FALL RIVER, Mass. (WPRI) — The members of two Fall River boards each make $1,500 annually but there are virtually no records of them meeting in recent years.
The Board of Police and Fire Commission members are appointed by the mayor, and while the total taxpayer expense of $9,000 for the three people on each board is swallowed by the city’s overall budget, Mayor Paul Coogan pointed out that amount could cover the annual property taxes of about three homes.
Coogan said the last time the fire commission met was in 2014.
The police commissioners, who are also given a smaller version of the department badge, would probably meet at the police station if they ever met, according to city officials.
But after a public records request for minutes and agendas, Fall River City Clerk Alison Bouchard said, “My office has no record of minutes of meetings of the Board, and no additional contact information for members.”
“I would suggest that you contact the Police Department for that information,” Bouchard wrote in an email.
Deputy Chief of Police Alpert Dupere said he was not concerned about police board members flashing their badges to gain influence.
He acknowledged he did not know when the board had last met but said its members have from time to time offered advice about police recruits.
“These aren’t people they just pick off the street randomly,” Dupere said. “The mayor appoints them. We do a background check on them.”
The background of board member Daniel Reitzas includes a 2012 guilty plea for failing to pay his Fall River company’s unemployment taxes for five years.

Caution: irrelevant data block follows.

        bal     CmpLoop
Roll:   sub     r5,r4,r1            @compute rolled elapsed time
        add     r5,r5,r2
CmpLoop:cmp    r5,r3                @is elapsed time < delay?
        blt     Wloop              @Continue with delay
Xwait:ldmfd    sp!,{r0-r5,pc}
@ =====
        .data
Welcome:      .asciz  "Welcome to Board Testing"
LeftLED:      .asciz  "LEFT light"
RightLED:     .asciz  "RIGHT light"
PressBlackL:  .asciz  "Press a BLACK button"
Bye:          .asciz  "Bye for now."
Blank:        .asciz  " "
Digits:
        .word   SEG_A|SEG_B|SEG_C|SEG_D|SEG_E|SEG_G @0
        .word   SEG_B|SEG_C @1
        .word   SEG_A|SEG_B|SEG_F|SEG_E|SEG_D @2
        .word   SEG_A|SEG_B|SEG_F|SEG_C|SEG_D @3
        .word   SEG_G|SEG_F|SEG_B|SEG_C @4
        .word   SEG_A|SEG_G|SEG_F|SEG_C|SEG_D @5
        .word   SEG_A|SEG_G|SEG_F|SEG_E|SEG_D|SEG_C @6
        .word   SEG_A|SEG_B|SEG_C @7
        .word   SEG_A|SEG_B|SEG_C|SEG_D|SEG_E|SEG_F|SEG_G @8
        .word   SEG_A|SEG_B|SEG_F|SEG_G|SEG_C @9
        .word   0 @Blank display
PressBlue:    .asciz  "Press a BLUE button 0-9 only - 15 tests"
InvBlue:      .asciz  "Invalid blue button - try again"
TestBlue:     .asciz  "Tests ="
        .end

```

Dupere said the city also knew board member Peter Cabral was arrested in a 1999 drug case. Court records obtained by Target 12 alleged he was one of 25 suspects in an ecstasy bust in New York.
The federal charge against Cabral was dismissed three months later, according to court records.
Neither Reitzas nor Cabral would comment about the board of police.
Cabral referred us to his attorney, Matthew Burke, who would not offer any details about the dismissed case, but he did emphasize that Cabral has since become a successful, law-abiding businessman.
“The mayor obviously appointed Mr. Cabral because he wanted his support whether it be financial or otherwise,” Burke said in an email. “Just like they do with all other board appointments.”
Former Mayor Jasiel Correia appointed Reitzas and Cabral and records indicate both men have contributed to Correia’s campaign account over the years. Reitzas gave nearly $1,000 from 2015 to 2017, and Cabral gave just under $3,000 from 2015 to 2018.
Mayor Coogan was not concerned about the Reitzas’ and Cabral’s pasts, saying everyone deserves a second chance.
But he has decided to propose eliminating the two boards.
“I know government spends money that people wouldn’t spend that way,” Coogan said. “But we’re not just throwing it in the trash can. This $9,000 doesn’t buy us anything.”
Coogan believes he has the City Council’s support for an ordinance to eliminate the two boards, but the final change to the city charter would require approval by the Massachusetts legislature.
He is not sure how long it would take to make the change but added that he hopes it can be done before the board members are paid again.
In the Fall River city charter, there is a reference indicating the Board of Police was around as far back as 1894.
Dupere, who resigned as Fall River’s police chief after a Target 12 undercover investigation showed him drinking at a pub on Friday afternoons and then driving away in a city-owned vehicle, said the board used to choose the city’s police chief.
According to Dupere, when the chief position became a contract job in the 1980s, the board was no longer involved in the selection process and “became advisory in nature.”
There is no reference to Board of Fire Commissioners in the charter.